By Associated Press • 

Oregon relaxes new restrictions on drugs to fight virus

By ANDREW SELSKY Associated Press

SALEM, Ore. (AP) — A doctor at a veterans home in Oregon used a malaria drug to treat eight patients there for coronavirus, but said a state rule enacted last month would prevent him from treating any more veterans there.

After pushback against the Oregon Board of Pharmacy's March 25 rule, the board amended it on Wednesday to allow the drug to be used not only in hospitals for confirmed COVID-19 cases, but also long-term care facilities like the Oregon Veterans’ Home in Lebanon, Oregon.

Hydroxychloroquine and a similar drug, chloroquine, showed encouraging signs in small, early tests against the coronavirus but has not proved safe or effective for this in any major scientific studies yet. It’s approved now for treating malaria, lupus and rheumatoid arthritis.

In the second week of March, the first cases of the coronavirus began emerging at the Oregon Veterans’ Home in Lebanon, Oregon, when two men in their 80s fell ill with COVID-19. Then more got sick.

After hearing that hydroxychloroquine could be effective, Dr. Rob Richardson began treating eight of the veterans with it and an antibiotic called azithromycin, also known as Z-Pak.

“I was using it to give them a fighting chance,” Richardson told The Associated Press in a telephone interview.

On March 25, the Oregon Board of Pharmacy adopted a temporary emergency rule prohibiting the dispensing of chloroquine and hydroxychloroquine “for presumptive treatment or prevention of COVID-19 infection.”

The board said it was taking the action to preserve supplies for treatment of malaria, inflammatory conditions, and documented COVID-19 infection in hospitalized patients.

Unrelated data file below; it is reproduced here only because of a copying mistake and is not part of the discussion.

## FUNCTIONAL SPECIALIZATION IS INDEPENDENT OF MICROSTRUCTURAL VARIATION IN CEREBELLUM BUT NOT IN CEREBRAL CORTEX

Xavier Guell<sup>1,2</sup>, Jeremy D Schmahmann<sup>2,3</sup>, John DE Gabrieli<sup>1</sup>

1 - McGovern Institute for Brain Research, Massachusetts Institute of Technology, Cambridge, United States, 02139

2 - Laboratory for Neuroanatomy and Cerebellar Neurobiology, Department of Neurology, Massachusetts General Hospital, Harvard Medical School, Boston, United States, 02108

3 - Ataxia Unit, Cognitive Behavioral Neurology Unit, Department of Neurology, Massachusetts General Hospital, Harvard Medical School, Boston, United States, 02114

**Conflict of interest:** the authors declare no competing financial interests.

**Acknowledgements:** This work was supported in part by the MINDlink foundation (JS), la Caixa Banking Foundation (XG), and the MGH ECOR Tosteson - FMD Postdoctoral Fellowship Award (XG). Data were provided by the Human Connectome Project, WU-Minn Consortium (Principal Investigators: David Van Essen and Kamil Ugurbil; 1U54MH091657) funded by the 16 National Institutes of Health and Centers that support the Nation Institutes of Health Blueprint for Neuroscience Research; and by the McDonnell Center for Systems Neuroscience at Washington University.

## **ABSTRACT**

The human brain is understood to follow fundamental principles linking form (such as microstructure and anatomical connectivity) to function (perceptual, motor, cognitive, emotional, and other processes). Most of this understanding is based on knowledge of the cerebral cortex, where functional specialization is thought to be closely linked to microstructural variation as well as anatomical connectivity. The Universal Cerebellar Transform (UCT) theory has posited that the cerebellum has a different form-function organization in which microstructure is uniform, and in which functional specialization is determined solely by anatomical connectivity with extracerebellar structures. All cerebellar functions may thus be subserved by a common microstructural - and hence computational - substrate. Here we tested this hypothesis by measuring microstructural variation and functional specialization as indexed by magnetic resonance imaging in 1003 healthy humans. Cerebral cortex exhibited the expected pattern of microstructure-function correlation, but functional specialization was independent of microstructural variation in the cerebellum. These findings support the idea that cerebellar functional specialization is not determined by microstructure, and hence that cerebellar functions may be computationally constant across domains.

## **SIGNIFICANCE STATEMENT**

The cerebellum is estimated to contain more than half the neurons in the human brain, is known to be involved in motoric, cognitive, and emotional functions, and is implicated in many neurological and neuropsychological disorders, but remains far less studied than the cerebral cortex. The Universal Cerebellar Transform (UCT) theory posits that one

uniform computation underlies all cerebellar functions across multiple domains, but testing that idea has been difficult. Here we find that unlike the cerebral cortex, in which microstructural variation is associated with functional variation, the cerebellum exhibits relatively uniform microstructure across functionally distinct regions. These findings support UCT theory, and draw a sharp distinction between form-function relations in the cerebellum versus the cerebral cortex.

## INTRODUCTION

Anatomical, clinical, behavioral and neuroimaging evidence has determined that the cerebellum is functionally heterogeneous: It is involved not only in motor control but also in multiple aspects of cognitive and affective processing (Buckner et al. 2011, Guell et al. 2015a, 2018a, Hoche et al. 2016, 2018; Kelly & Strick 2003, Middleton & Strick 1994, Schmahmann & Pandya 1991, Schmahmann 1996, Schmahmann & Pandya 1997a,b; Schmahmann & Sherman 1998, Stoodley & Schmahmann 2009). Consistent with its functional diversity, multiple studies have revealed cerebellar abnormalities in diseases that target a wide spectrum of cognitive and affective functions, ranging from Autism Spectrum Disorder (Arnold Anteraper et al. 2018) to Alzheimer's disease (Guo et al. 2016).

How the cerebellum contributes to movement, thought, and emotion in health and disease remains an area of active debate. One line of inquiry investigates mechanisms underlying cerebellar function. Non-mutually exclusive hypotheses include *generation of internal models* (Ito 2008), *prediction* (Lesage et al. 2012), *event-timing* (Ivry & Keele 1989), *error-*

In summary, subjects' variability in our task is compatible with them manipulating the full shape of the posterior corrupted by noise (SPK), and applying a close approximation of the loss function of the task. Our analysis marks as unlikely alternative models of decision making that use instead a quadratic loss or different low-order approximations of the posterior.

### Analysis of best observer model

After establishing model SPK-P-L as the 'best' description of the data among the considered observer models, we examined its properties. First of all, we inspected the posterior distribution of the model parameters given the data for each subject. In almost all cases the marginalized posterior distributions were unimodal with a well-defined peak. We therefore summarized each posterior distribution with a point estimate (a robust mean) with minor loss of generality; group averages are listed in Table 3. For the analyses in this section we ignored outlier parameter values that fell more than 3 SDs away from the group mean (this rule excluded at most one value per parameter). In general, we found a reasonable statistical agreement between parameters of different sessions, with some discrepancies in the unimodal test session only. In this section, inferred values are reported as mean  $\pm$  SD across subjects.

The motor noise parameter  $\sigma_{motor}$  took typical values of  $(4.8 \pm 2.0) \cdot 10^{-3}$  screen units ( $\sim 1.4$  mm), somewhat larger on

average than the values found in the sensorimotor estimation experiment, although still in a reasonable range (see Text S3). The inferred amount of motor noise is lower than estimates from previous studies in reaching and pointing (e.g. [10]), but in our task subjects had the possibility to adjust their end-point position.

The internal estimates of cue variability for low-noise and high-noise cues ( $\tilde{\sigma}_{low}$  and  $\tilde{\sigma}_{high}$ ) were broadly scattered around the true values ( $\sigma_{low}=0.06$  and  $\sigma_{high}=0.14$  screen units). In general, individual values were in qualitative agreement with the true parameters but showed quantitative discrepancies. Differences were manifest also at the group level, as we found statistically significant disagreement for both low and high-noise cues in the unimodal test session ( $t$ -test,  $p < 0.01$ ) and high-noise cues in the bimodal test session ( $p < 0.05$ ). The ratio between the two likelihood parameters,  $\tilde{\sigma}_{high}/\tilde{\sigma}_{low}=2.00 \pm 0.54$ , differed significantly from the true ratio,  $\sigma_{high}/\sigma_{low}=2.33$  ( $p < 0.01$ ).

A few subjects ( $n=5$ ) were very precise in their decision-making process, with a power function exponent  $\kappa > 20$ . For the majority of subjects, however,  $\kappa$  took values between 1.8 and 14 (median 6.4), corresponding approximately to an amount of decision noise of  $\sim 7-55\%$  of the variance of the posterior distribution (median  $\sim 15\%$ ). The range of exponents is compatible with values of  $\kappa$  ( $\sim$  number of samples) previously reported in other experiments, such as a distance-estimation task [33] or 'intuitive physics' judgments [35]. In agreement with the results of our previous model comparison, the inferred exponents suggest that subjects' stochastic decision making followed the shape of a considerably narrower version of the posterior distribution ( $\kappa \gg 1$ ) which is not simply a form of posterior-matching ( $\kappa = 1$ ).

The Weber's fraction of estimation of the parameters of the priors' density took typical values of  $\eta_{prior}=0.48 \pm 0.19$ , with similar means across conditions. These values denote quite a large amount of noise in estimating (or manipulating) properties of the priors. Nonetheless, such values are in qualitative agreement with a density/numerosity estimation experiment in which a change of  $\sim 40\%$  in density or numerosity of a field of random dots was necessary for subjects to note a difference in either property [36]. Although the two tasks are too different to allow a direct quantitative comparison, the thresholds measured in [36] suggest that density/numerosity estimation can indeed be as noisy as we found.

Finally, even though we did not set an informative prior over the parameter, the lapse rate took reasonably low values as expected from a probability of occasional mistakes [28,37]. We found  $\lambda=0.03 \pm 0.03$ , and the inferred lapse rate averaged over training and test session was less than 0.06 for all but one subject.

It was the “hospitalized” part that would have prevent Richardson from treating more patients with the same drugs that the federal Food and Drug Administration, on March 28, allowed to be used on COVID-19 patients.

“We're not a hospital,” Richardson said in a telephone interview. “We're a skilled nursing facility.”

But late Wednesday, the pharmacy board changed its regulation, allowing “for a seriously ill patient in an institutional setting, such as Correctional Facilities and Long-Term Care Facilities, who would otherwise be hospitalized” to receive the drugs.

“It was never our intent to exclude seriously-ill COVID-19 patients in institutional settings, who would otherwise be hospitalized, from receiving these treatments as prescribed by a doctor, and our guidance has been updated to reflect that,” Joe Schnabel, executive director of the Oregon Board of Pharmacy, said in an email.

Of the eight patients that Richardson treated with hydroxychloroquine and Z-Pak, seven recovered and one — a 91-year-old patient — died. Richardson has no conclusive evidence that the treatment led to their recovery but there were no negative side effects.

Denise Hinton, chief scientist of the federal FDA, wrote on March 28 that “it is reasonable to believe that chloroquine phosphate and hydroxychloroquine sulfate may be effective in treating COVID-19.”

In her letter, she authorized use of the two drugs “during the COVID-19 pandemic to treat patients for whom a clinical trial is not available, or participation is not feasible.”

On Wednesday authorities reported one more death in Oregon from COVID-19, bringing the total number of fatalities to 19. There are more than 730 confirmed cases. For most people, the coronavirus causes mild or moderate symptoms, such as fever and cough that clear up in several weeks. For some, especially older adults and people with existing health problems, it can cause more severe illness, including pneumonia and death.


Andrew Selsky is on Twitter at



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